Wouldn’t it be lovely if we could approach the things that hurt inside us with a bit more sensitivity, patience and empathy? Wouldn’t it be valuable if we could meet our pain by genuinely and honestly asking ourselves the question: ‘Is there any way I can help myself in this moment, so that I don’t have to feel like this needlessly, and for too long? Is there anything I can do for myself to make it a little bit easier to be me?’ We often find this challenging on an intellectual plane. It’s far too easy to miss the quiet voice of our hearts when our heads are bellowing: ‘I shouldn’t feel this bad. I shouldn’t react to this thing. I shouldn’t be so easily riled, so easily hurt, so envious, so resentful.’ But one thing’s for sure – that kind of rebuke won’t help anyone who’s dealing with difficult emotions. Instead, we need to go to that place where it hurts and try to see it with as much compassion and understanding as we can muster. See if we can find a way to counter the dark thoughts and drag them out into the light, without believing their content.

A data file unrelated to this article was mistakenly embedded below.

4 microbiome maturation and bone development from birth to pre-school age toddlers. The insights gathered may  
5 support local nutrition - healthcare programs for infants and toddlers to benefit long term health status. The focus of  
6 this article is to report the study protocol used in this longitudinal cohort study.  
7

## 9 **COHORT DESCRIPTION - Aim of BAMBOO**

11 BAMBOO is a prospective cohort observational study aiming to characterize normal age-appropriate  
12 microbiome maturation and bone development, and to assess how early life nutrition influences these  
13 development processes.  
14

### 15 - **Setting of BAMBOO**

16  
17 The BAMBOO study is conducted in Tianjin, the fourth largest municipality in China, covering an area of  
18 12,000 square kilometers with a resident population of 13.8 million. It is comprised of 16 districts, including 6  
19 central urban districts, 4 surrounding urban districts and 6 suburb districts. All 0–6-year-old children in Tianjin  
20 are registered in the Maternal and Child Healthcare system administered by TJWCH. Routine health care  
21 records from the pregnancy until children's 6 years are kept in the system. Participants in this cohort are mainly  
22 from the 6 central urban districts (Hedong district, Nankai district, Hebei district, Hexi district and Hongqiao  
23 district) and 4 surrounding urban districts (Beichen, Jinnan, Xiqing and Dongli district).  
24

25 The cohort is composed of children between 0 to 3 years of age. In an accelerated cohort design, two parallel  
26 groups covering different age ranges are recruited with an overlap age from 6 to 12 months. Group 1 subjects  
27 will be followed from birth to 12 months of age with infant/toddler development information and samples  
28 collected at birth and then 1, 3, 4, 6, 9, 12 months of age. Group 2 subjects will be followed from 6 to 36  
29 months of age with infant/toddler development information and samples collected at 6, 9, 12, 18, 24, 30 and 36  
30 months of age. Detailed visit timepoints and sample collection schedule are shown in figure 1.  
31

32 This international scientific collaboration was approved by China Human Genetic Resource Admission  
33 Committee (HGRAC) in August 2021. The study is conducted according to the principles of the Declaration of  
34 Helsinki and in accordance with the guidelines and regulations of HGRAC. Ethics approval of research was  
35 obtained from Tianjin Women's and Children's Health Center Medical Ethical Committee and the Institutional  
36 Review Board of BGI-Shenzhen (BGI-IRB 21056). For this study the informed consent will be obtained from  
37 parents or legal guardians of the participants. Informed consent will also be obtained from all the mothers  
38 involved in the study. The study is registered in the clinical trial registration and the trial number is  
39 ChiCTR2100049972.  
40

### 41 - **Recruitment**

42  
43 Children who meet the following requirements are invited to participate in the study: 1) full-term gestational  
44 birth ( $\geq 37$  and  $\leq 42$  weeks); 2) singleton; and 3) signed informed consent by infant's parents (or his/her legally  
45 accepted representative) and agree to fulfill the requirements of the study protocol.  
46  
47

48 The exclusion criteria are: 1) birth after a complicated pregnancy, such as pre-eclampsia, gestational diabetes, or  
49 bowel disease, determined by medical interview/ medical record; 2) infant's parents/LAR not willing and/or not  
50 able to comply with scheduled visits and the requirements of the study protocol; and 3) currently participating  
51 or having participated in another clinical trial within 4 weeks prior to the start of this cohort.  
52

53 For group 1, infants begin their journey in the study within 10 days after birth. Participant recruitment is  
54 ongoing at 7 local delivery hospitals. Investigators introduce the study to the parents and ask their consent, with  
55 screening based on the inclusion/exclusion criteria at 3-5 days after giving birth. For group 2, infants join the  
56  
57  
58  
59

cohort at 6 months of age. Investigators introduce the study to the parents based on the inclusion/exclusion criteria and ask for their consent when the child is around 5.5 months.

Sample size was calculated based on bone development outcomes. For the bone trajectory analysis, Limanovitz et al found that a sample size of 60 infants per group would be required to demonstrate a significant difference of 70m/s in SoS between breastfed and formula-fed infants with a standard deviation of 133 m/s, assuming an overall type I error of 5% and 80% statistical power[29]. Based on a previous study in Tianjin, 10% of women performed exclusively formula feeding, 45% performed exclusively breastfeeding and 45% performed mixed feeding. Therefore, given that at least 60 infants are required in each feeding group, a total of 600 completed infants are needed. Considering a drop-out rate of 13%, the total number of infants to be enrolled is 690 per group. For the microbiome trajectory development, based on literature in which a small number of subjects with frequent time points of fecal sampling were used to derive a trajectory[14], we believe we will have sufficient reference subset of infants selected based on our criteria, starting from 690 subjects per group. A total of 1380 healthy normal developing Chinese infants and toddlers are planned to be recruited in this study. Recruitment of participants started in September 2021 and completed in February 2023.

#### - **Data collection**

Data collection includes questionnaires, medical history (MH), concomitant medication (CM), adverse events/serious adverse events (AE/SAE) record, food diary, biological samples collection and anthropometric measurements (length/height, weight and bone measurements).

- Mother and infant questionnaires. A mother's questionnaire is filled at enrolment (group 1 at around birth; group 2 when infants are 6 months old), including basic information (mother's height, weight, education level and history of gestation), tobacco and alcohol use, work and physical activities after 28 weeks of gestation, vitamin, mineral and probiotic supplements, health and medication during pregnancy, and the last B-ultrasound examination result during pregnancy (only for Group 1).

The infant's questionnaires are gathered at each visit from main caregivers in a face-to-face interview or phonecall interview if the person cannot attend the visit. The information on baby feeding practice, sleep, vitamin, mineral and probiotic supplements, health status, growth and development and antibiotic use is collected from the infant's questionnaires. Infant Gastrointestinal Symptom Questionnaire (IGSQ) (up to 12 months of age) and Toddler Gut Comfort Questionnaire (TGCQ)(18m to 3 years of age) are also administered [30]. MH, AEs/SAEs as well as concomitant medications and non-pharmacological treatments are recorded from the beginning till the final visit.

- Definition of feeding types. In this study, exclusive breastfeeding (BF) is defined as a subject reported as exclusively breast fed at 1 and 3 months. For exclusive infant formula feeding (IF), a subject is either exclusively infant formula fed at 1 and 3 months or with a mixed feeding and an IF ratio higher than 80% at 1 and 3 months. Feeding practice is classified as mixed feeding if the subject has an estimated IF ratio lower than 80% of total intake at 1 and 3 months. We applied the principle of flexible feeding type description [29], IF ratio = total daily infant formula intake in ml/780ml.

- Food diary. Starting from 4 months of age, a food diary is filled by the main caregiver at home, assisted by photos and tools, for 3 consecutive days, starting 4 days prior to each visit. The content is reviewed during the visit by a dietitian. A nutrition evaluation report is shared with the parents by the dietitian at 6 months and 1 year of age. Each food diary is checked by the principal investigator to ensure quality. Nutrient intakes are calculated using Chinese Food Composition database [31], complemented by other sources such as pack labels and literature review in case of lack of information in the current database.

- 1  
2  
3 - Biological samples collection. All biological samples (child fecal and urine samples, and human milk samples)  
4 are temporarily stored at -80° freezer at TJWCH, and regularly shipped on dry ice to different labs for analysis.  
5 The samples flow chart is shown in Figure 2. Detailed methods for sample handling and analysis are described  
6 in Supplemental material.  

If we can begin to see ourselves in a more forgiving, tolerant light, treating the people around us the same way follows naturally. But as long as we continue to view ourselves from a harsh and demanding perspective, we can’t give others absolute love either. We don’t even have to use the word love if that feels too grand. One of my big monastic role models back in the day was Ajahn Sumedho – a large American, born the same year as my dad. He eventually settled on using the word non-aversion instead of love. It’s not exactly gushing, but maybe it’s a more realistic goal. Can I strengthen my capacity for non-aversion? To not dislike things. Things in myself and in others. I know a lot of people whose compassion is hampered because they consider themselves deficient and inadequate. They don’t consider themselves worthy of that emotional care. But if we’re waiting until we feel worthy of love, until that feeling just magically appears, we risk having to wait forever. What does it take for us to feel we deserve human warmth from ourselves? How good, beautiful and successful do we have to become? How long do we have to atone for our tiny mistakes? How immaculately do we have to do everything we put our hands to? Will we ever get there?